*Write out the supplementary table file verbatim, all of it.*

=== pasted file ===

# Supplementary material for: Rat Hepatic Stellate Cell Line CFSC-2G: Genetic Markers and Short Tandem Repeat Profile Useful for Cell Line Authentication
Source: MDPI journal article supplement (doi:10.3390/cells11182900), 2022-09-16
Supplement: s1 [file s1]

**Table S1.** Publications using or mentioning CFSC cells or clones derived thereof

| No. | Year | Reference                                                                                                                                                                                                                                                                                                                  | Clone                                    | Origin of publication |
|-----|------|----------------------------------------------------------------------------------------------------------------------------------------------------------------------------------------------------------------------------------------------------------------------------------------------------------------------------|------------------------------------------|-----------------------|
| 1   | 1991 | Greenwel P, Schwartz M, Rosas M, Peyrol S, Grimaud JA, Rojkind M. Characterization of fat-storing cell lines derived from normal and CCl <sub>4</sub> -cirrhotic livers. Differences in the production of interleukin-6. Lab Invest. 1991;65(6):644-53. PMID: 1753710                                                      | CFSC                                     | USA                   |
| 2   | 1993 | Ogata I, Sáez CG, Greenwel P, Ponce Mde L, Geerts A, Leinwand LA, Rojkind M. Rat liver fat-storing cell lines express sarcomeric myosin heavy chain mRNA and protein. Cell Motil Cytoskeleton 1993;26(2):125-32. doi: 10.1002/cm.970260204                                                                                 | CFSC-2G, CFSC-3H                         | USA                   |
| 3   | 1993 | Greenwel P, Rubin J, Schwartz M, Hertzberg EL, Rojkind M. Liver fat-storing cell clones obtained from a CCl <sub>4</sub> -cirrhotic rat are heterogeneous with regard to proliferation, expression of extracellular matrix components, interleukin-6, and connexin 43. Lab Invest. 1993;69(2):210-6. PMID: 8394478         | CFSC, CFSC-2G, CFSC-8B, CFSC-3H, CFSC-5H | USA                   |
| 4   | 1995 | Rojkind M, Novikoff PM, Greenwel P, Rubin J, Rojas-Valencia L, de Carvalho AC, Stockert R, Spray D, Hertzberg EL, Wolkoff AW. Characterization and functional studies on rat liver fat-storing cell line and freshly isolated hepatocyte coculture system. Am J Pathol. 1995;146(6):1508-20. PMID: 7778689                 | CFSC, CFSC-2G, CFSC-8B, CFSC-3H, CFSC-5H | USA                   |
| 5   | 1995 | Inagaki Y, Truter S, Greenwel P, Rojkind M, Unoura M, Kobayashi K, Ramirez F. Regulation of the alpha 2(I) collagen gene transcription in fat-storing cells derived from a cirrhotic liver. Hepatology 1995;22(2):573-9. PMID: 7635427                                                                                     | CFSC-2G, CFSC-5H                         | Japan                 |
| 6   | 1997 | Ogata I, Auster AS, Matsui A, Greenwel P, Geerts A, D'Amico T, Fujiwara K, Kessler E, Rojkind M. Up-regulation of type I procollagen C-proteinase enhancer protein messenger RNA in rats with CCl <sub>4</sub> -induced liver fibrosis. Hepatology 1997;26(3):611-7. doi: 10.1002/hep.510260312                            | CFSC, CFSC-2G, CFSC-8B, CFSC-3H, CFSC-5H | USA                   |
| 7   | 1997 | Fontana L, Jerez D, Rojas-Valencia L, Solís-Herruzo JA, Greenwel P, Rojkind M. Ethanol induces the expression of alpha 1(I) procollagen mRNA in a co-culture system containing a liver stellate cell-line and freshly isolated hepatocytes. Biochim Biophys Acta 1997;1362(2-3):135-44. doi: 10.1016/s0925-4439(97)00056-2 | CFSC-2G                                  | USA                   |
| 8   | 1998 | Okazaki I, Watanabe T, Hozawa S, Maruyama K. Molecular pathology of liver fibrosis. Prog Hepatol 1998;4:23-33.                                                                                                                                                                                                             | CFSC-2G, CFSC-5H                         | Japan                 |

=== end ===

# Supplementary material for: Rat Hepatic Stellate Cell Line CFSC-2G: Genetic Markers and Short Tandem Repeat Profile Useful for Cell Line Authentication
Source: MDPI journal article supplement (doi:10.3390/cells11182900), 2022-09-16
Supplement: s1 [file s1]

**Table S1.** Publications using or mentioning CFSC cells or clones derived thereof

| No. | Year | Reference                                                                                                                                                                                                                                                                                                                  | Clone                                    | Origin of publication |
|-----|------|----------------------------------------------------------------------------------------------------------------------------------------------------------------------------------------------------------------------------------------------------------------------------------------------------------------------------|------------------------------------------|-----------------------|
| 1   | 1991 | Greenwel P, Schwartz M, Rosas M, Peyrol S, Grimaud JA, Rojkind M. Characterization of fat-storing cell lines derived from normal and CCl <sub>4</sub> -cirrhotic livers. Differences in the production of interleukin-6. Lab Invest. 1991;65(6):644-53. PMID: 1753710                                                      | CFSC                                     | USA                   |
| 2   | 1993 | Ogata I, Sáez CG, Greenwel P, Ponce Mde L, Geerts A, Leinwand LA, Rojkind M. Rat liver fat-storing cell lines express sarcomeric myosin heavy chain mRNA and protein. Cell Motil Cytoskeleton 1993;26(2):125-32. doi: 10.1002/cm.970260204                                                                                 | CFSC-2G, CFSC-3H                         | USA                   |
| 3   | 1993 | Greenwel P, Rubin J, Schwartz M, Hertzberg EL, Rojkind M. Liver fat-storing cell clones obtained from a CCl <sub>4</sub> -cirrhotic rat are heterogeneous with regard to proliferation, expression of extracellular matrix components, interleukin-6, and connexin 43. Lab Invest. 1993;69(2):210-6. PMID: 8394478         | CFSC, CFSC-2G, CFSC-8B, CFSC-3H, CFSC-5H | USA                   |
| 4   | 1995 | Rojkind M, Novikoff PM, Greenwel P, Rubin J, Rojas-Valencia L, de Carvalho AC, Stockert R, Spray D, Hertzberg EL, Wolkoff AW. Characterization and functional studies on rat liver fat-storing cell line and freshly isolated hepatocyte coculture system. Am J Pathol. 1995;146(6):1508-20. PMID: 7778689                 | CFSC, CFSC-2G, CFSC-8B, CFSC-3H, CFSC-5H | USA                   |
| 5   | 1995 | Inagaki Y, Truter S, Greenwel P, Rojkind M, Unoura M, Kobayashi K, Ramirez F. Regulation of the alpha 2(I) collagen gene transcription in fat-storing cells derived from a cirrhotic liver. Hepatology 1995;22(2):573-9. PMID: 7635427                                                                                     | CFSC-2G, CFSC-5H                         | Japan                 |
| 6   | 1997 | Ogata I, Auster AS, Matsui A, Greenwel P, Geerts A, D'Amico T, Fujiwara K, Kessler E, Rojkind M. Up-regulation of type I procollagen C-proteinase enhancer protein messenger RNA in rats with CCl <sub>4</sub> -induced liver fibrosis. Hepatology 1997;26(3):611-7. doi: 10.1002/hep.510260312                            | CFSC, CFSC-2G, CFSC-8B, CFSC-3H, CFSC-5H | USA                   |
| 7   | 1997 | Fontana L, Jerez D, Rojas-Valencia L, Solís-Herruzo JA, Greenwel P, Rojkind M. Ethanol induces the expression of alpha 1(I) procollagen mRNA in a co-culture system containing a liver stellate cell-line and freshly isolated hepatocytes. Biochim Biophys Acta 1997;1362(2-3):135-44. doi: 10.1016/s0925-4439(97)00056-2 | CFSC-2G                                  | USA                   |
| 8   | 1998 | Okazaki I, Watanabe T, Hozawa S, Maruyama K. Molecular pathology of liver fibrosis. Prog Hepatol 1998;4:23-33.                                                                                                                                                                                                             | CFSC-2G, CFSC-5H                         | Japan                 |